The challenges engineers face today are more complex than ever. Many of these inherently interdisciplinary problems can only be solved when engineers from different fields come together. In addition to the expertise in a specific discipline, the ideal engineer would possess a breadth of knowledge as well as excellent team working and communication skills. My undergraduate education in Bioengineering and Electrical Engineering provided me with the breadth of knowledge the ideal engineer would need. Additionally, laboratory work and three years of research at the Human Photonics Lab (HPL) taught me invaluable lessons in research, collaboration, and communication. Now, at the end of my undergraduate career, I am confident that I am on track to be that ideal engineer.

While the Bioengineering curriculum exposed me to a wide spectrum of engineering coursework, I chose to specialize in Digital Signal Processing in my Electrical Engineering studies because it complements my research interests, which include biomedical imaging, auditory engineering, and speech signal processing. My projects at the HPL involve working with a unique 3D microscopy method, and require expert knowledge in signal and image processing. Its ultimate goal is to provide clinical pathologists a way to visualize optical transmission images of biopsies in 3D. Doing so would eliminate sources of errors from conventional 2D analysis, and can potentially increase the diagnostic accuracy of cancer and other diseases. Along with a sophisticated research project, the rigorous coursework from pursuing a double degree has prepared me to tackle any challenges in a carefully calculated manner. My dedication to my work and attention to detail resulted in significant research results that were published in the Journal of Cytology and Histology, contributed to a textbook titled “Advanced Biophotonics: Optical Tissue Slicing,” and helped the HPL win an NSF grant.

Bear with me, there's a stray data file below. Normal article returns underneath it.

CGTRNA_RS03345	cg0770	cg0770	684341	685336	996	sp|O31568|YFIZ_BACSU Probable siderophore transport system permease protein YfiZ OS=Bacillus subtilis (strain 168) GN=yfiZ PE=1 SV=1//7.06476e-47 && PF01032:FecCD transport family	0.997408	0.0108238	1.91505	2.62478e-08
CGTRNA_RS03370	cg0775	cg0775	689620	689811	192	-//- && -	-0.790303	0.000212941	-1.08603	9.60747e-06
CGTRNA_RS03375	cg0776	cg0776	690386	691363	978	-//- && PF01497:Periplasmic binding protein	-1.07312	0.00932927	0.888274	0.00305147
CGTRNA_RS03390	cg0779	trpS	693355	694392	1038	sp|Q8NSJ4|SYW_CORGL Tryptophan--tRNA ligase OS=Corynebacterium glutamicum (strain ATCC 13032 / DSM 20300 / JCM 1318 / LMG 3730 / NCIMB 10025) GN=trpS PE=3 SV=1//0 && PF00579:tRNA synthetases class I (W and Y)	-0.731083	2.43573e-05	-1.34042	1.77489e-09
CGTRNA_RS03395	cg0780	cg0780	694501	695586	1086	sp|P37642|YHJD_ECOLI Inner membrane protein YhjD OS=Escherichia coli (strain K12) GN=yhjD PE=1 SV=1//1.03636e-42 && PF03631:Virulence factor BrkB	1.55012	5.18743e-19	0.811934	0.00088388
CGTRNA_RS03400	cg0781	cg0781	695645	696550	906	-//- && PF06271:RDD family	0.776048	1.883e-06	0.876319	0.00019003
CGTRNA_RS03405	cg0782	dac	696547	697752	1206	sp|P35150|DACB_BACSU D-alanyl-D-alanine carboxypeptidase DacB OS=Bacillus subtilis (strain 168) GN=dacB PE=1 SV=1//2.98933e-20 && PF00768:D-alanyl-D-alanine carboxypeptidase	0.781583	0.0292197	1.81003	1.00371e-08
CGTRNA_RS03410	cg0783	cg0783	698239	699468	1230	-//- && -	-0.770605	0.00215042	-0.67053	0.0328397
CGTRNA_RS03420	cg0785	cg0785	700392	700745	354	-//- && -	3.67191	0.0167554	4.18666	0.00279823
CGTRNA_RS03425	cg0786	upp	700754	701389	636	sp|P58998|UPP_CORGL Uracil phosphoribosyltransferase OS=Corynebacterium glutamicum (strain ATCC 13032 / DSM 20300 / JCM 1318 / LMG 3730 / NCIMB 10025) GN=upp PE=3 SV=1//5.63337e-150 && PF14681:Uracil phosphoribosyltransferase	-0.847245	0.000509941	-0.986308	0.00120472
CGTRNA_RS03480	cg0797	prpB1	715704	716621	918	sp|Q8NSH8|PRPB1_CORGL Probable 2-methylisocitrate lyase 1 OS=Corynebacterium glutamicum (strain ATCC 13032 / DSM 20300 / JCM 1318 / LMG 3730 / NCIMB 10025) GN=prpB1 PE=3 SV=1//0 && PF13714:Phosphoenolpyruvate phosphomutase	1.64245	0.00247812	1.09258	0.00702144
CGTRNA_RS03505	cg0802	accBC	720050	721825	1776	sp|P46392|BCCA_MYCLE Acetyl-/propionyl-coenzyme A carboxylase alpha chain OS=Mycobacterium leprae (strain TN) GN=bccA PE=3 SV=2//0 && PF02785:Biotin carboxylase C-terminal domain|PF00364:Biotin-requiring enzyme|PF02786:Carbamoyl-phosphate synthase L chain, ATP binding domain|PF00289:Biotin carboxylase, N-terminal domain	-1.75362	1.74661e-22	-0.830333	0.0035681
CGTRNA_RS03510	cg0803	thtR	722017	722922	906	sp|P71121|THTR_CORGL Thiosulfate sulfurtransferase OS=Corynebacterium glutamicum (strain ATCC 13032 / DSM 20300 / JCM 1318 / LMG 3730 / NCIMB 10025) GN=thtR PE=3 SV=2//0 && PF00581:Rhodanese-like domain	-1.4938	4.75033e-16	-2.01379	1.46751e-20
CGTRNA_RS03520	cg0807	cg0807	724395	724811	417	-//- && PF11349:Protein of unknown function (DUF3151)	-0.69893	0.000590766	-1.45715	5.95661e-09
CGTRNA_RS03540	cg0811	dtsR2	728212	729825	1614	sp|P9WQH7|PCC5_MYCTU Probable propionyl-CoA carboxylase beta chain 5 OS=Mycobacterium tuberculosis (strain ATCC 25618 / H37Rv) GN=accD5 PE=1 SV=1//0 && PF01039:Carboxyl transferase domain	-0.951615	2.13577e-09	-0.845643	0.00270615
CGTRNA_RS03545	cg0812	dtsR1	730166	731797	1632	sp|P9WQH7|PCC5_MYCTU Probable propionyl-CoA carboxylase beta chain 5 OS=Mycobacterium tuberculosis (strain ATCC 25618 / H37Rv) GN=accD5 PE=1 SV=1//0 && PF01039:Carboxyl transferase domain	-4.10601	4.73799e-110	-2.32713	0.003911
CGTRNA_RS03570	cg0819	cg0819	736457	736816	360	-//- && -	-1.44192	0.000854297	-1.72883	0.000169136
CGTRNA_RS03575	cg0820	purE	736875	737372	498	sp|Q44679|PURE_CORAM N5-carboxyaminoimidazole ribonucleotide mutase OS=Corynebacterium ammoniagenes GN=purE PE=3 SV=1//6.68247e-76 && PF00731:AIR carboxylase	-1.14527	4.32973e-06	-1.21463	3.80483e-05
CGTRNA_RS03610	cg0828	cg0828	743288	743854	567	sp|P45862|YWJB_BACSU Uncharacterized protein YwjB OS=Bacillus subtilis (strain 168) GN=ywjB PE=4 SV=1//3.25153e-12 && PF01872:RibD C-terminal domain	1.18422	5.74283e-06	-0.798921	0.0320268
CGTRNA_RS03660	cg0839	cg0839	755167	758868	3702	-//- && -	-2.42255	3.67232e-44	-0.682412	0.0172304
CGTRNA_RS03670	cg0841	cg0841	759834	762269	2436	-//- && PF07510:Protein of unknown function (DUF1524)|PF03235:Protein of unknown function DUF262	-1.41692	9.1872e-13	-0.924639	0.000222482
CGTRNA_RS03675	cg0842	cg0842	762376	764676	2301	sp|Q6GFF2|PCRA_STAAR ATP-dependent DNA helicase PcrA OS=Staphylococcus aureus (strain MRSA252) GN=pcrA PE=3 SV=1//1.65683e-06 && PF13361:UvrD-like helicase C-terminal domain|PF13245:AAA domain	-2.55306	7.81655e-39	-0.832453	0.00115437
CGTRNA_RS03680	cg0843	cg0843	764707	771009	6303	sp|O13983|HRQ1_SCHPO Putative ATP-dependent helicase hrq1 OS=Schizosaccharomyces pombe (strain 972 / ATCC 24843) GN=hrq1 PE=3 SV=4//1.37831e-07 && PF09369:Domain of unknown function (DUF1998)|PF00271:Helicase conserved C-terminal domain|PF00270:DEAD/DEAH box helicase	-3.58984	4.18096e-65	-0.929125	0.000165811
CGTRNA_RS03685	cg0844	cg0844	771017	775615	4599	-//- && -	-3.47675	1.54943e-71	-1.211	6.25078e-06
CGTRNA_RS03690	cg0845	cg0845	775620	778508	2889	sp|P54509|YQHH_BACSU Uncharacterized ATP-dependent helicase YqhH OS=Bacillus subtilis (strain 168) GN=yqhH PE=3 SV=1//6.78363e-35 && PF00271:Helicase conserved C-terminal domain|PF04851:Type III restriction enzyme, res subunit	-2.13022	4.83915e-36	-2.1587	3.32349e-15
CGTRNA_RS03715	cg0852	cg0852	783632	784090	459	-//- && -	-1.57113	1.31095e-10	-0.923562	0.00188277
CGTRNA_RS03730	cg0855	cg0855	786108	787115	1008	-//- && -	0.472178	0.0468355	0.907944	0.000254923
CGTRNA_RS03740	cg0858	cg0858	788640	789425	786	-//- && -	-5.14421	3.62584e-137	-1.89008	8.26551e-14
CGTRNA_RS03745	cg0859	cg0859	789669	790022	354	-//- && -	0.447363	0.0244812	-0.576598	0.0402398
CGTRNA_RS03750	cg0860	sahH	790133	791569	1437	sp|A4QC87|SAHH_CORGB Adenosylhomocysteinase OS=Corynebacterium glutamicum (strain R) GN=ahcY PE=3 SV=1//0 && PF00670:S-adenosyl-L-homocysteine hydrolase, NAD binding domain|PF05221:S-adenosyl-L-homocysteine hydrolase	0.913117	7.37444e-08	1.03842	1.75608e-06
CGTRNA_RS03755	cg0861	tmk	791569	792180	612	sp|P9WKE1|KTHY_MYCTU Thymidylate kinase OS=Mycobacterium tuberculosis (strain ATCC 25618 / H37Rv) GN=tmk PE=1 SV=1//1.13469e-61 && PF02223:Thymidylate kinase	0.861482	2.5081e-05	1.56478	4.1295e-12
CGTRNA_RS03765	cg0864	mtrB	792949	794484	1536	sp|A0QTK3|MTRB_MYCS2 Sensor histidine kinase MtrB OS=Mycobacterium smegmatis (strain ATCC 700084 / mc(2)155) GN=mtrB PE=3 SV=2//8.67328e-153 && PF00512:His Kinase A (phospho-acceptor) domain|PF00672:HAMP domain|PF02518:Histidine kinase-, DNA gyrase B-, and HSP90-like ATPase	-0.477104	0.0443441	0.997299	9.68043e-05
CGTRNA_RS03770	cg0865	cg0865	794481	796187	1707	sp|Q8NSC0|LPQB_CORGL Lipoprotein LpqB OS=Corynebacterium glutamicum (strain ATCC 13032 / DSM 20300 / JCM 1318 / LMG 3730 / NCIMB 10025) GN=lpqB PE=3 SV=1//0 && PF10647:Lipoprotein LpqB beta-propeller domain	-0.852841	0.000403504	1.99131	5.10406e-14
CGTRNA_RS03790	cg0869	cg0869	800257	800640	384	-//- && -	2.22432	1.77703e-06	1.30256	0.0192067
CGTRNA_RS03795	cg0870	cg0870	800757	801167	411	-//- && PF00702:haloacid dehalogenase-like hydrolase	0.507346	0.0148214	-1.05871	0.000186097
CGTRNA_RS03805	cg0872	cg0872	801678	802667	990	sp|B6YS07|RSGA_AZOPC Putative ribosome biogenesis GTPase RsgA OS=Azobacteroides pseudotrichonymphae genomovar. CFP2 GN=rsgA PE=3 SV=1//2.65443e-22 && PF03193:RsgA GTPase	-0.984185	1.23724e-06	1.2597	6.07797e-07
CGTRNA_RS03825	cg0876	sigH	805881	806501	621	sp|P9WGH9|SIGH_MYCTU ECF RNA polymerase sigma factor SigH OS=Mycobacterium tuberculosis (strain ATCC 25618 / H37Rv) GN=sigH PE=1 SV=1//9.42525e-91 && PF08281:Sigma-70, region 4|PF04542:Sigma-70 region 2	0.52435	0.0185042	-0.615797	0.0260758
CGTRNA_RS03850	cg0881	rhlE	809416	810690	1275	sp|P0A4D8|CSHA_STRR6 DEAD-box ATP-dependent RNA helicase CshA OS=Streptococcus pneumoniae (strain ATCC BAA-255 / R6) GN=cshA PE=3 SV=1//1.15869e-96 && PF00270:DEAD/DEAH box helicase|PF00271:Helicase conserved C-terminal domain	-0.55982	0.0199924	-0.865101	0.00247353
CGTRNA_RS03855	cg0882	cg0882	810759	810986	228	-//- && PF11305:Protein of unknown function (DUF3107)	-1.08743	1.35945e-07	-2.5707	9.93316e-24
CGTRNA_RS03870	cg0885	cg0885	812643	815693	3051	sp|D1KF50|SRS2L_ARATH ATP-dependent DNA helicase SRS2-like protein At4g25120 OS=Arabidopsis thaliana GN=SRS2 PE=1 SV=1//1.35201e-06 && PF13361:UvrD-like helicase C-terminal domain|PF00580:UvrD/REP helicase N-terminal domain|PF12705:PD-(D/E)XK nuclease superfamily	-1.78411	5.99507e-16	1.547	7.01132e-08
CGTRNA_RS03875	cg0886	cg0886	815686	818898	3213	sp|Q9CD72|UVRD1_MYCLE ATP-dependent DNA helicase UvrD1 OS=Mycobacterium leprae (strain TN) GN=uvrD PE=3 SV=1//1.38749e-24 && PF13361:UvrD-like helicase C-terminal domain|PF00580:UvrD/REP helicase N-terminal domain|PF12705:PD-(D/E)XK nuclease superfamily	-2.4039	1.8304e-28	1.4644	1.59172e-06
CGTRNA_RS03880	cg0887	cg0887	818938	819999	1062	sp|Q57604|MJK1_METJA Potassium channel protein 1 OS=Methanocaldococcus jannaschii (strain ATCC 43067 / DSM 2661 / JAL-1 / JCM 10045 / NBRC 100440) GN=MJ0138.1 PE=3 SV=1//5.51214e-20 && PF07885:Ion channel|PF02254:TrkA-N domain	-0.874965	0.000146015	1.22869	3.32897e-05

I developed many other essential engineering skills while doing research at the HPL. When I first joined the lab, the steep learning curve that greeted me was daunting, but necessitated the development of independent learning skills that can be applied to any situation. By presenting at lab meetings and research symposiums, I honed my presentation skills that allow me to flawlessly deliver my ideas. This was especially handy when writing research proposals and applying for funding. In a project as large as mine, I often coordinate with pathologists and researchers from outside the lab to discuss collaboration or consultations, allowing me to gain perspective and valuable experience in working collaboratively.

Prior to pursuing engineering, I wanted to go into the field of medicine. There is a certain sense of satisfaction and accomplishment when helping others around me, and I had believed that I can help the most people by pursing medicine. However, after studying and doing research in a field that combines medicine with engineering, I now believe that I have the potential to make an even broader impact and benefit many more lives. It is now my goal to pursue a Doctoral degree in Bioengineering before continuing on to a career in the biomedical industry. My experience and education at the University of Washington has thoroughly prepared me for this path.